New Year resolutions, more often than not, never make it into the year’s list of accomplishments for adults making it all the harder to sell kids on the idea of setting lofty goals without the perseverance to actually make them happen. It does not have to be that way, however. Walking through the process of targeting the most important objectives and making a plan to get there as a family, turns an onerous “should do” into a fun group project in which family relationships can be built and strengthened.
Starting with motivation rather than wishful thinking is the first step. Then involve the children in the process of setting their ambitions on something about which they really care. Break it down into specific actions that will slowly move the kids closer to achieving success in their New Year’s resolutions. The American Academy of Pediatrics recommends health related goals, both mental and physical. However, goals for family fun and togetherness can keep the plan moving forward, even if the child hits a snag on the road to new habits, which will undoubtedly happen.
Do not overload kids with too many self-improvement projects at once. Let him or her lead the way in choosing what to work on with discreet guidance but no heavy handed compulsion to select one New Year resolution over another. Narrow the field to one to three realistic focus areas, depending on the age of the child and the complexity of achieving the chosen goals. One idea is to select a health goal, a mental or chore habit goal and a family fun goal.
Health goals should target healthy habits such as getting more exercise and sleep, increasing water intake and eating more vegetables and fruits rather than putting the emphasis on weight. Still, health and wellness is not the only category that kids have to choose from when setting New Year resolutions. Consider the family’s values and suggest, although do not require, goals that reflect what is most important to the family in terms of building character and instilling a sense of integrity in passing on those ideals. Some ideas might include, community volunteering to support a cause, help others or protect wildlife or the environment. Spiritual disciplines such as praying, scripture reading and church involvement are also candidates for resolution making endeavors.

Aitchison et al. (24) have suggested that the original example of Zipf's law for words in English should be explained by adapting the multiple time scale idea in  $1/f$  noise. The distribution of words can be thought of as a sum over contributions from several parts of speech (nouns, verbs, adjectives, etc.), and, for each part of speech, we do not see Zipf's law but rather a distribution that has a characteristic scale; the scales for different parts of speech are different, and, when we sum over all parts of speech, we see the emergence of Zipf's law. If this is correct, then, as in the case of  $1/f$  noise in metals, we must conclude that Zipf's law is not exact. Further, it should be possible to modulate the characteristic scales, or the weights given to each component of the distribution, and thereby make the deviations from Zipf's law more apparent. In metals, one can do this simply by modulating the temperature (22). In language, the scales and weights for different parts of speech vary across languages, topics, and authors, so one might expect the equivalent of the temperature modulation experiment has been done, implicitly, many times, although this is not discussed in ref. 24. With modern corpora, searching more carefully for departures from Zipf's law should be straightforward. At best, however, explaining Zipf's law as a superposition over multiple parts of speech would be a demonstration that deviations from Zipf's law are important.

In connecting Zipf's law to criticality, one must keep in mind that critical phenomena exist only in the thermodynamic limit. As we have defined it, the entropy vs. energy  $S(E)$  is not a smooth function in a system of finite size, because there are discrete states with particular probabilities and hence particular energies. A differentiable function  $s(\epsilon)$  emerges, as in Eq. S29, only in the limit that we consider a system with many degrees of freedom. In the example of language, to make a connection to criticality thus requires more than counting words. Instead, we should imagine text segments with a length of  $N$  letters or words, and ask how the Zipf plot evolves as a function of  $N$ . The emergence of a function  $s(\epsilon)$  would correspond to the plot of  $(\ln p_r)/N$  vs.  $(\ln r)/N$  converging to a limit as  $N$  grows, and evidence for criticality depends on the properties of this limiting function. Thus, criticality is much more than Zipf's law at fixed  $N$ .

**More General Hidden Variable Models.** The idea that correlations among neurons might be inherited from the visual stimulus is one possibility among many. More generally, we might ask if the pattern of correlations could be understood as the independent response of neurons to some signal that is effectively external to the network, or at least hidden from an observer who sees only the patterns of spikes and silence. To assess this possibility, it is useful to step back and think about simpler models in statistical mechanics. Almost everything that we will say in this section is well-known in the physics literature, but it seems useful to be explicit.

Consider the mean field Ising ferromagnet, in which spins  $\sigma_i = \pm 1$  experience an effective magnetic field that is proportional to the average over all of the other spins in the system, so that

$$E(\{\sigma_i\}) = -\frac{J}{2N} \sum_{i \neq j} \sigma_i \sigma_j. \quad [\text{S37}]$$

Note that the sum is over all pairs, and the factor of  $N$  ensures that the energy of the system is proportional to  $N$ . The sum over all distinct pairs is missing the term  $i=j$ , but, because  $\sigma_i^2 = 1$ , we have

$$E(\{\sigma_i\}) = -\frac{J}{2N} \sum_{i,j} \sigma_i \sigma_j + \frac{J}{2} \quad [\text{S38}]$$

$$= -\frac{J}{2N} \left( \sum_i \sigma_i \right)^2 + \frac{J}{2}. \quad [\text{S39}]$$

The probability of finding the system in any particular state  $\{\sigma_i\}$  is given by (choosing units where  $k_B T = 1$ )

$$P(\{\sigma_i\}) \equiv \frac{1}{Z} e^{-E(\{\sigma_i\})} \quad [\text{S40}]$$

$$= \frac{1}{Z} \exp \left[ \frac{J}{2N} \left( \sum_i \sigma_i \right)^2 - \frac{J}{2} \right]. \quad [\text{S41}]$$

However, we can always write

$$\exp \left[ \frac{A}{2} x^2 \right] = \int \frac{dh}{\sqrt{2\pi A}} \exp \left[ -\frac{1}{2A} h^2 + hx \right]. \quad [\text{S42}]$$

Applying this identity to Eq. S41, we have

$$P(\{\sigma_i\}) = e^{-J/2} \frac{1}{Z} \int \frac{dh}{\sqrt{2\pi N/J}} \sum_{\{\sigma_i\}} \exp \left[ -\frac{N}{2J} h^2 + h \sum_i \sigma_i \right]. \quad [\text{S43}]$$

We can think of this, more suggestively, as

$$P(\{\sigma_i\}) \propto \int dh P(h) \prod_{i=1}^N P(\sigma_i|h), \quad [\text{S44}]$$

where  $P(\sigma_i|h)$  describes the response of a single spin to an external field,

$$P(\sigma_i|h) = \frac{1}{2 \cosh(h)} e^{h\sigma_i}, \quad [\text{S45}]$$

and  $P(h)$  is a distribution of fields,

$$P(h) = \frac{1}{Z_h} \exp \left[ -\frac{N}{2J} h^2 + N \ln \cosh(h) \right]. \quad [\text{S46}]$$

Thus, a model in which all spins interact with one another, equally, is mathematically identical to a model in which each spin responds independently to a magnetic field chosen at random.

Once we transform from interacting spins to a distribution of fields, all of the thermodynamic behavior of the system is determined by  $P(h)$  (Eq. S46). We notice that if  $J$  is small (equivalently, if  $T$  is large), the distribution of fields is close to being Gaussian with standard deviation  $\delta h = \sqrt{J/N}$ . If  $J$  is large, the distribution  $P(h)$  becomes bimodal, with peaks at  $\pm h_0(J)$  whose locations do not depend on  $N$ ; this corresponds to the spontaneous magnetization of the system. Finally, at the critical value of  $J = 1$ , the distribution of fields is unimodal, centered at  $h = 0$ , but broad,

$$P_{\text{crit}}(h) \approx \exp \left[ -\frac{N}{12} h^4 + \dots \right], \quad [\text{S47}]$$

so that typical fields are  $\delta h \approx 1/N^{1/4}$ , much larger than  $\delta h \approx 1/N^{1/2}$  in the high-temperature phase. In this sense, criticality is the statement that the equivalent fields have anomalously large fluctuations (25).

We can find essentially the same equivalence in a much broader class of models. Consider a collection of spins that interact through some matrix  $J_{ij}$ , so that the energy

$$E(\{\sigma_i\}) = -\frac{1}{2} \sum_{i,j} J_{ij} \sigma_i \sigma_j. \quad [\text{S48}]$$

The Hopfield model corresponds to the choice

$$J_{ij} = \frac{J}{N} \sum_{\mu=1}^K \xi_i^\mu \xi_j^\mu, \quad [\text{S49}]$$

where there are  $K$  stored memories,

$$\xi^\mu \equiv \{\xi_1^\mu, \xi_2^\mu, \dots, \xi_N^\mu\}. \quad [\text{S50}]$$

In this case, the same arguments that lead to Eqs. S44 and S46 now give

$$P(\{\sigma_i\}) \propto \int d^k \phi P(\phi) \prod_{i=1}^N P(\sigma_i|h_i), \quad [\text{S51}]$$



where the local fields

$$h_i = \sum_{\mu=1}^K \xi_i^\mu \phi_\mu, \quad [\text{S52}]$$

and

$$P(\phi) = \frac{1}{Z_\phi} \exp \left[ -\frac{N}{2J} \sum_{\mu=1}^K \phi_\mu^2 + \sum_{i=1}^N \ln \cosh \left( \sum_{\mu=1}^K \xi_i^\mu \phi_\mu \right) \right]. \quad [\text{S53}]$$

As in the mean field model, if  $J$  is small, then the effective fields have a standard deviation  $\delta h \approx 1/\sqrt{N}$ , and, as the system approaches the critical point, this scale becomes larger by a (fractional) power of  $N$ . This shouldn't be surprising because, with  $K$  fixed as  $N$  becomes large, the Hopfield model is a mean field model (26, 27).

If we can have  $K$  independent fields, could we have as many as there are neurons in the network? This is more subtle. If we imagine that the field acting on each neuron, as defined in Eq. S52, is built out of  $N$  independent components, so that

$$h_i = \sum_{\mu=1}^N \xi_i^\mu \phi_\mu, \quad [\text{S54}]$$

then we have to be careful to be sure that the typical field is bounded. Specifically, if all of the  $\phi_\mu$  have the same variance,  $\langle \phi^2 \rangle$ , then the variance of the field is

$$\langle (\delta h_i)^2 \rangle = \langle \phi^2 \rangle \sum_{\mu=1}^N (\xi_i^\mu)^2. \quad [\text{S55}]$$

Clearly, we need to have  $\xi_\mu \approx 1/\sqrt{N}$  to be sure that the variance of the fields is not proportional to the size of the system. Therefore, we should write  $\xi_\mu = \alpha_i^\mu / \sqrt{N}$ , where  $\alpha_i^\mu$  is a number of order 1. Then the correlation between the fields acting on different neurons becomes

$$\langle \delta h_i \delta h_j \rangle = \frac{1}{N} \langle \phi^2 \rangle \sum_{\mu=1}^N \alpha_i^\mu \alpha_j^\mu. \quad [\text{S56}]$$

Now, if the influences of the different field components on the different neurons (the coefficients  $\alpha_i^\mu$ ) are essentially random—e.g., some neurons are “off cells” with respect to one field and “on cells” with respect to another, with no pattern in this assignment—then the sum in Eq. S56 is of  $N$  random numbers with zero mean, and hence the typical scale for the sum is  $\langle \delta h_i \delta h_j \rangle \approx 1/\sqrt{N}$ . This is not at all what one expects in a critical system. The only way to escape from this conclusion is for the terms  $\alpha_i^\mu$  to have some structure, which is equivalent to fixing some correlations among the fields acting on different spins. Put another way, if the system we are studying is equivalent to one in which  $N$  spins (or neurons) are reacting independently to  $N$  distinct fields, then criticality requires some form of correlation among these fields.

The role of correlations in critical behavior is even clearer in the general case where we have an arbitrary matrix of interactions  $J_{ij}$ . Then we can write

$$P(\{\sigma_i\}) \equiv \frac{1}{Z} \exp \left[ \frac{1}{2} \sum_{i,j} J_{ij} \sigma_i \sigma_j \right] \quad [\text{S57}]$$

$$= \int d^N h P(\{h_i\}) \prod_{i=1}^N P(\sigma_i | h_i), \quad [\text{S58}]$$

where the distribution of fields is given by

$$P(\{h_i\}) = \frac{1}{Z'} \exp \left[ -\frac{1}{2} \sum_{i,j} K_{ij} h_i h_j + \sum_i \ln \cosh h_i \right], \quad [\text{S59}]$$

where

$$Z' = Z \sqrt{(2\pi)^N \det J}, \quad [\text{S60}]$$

Pediatric psychologist Dr. Anai Cuadra of the University of Miami Miller School of Medicine recommends helping children clearly define their New Year resolutions in order to up the odds of success. Identifying five main components of the idea can help turn the goals into actionable steps that kids can understand and follow. First, describe the desired activity. Then decide on the frequency, duration, and location of the activity. Lastly, name the person or people with whom the child wishes to do the activity. This last can be an important motivator as working on a goal with others is more fun for kids and adults alike than doing it alone; and fun is a driving force of its own, upping the stimulus toward success.
Parents should be involved in helping their kids walk through the steps of achieving their New Year resolutions, making quality time with them part of the plan for success. At the same time, parents should remember that their children learn how to handle goal-setting and achieving the goals by watching what the adults in their lives do. Therefore, setting a good example of follow through and perseverance through difficulty is of the utmost importance in helping children establish a can-do attitude toward their own goals. Remember that a New Year resolution is a journey of baby steps toward new habits, so start small, build on successes and revise as necessary to keep both parents and children moving toward their vision of a better life in the future.
by Tamara Christine Van Hooser
Image courtesy of SLO County Bicycle Coalition – Flickr License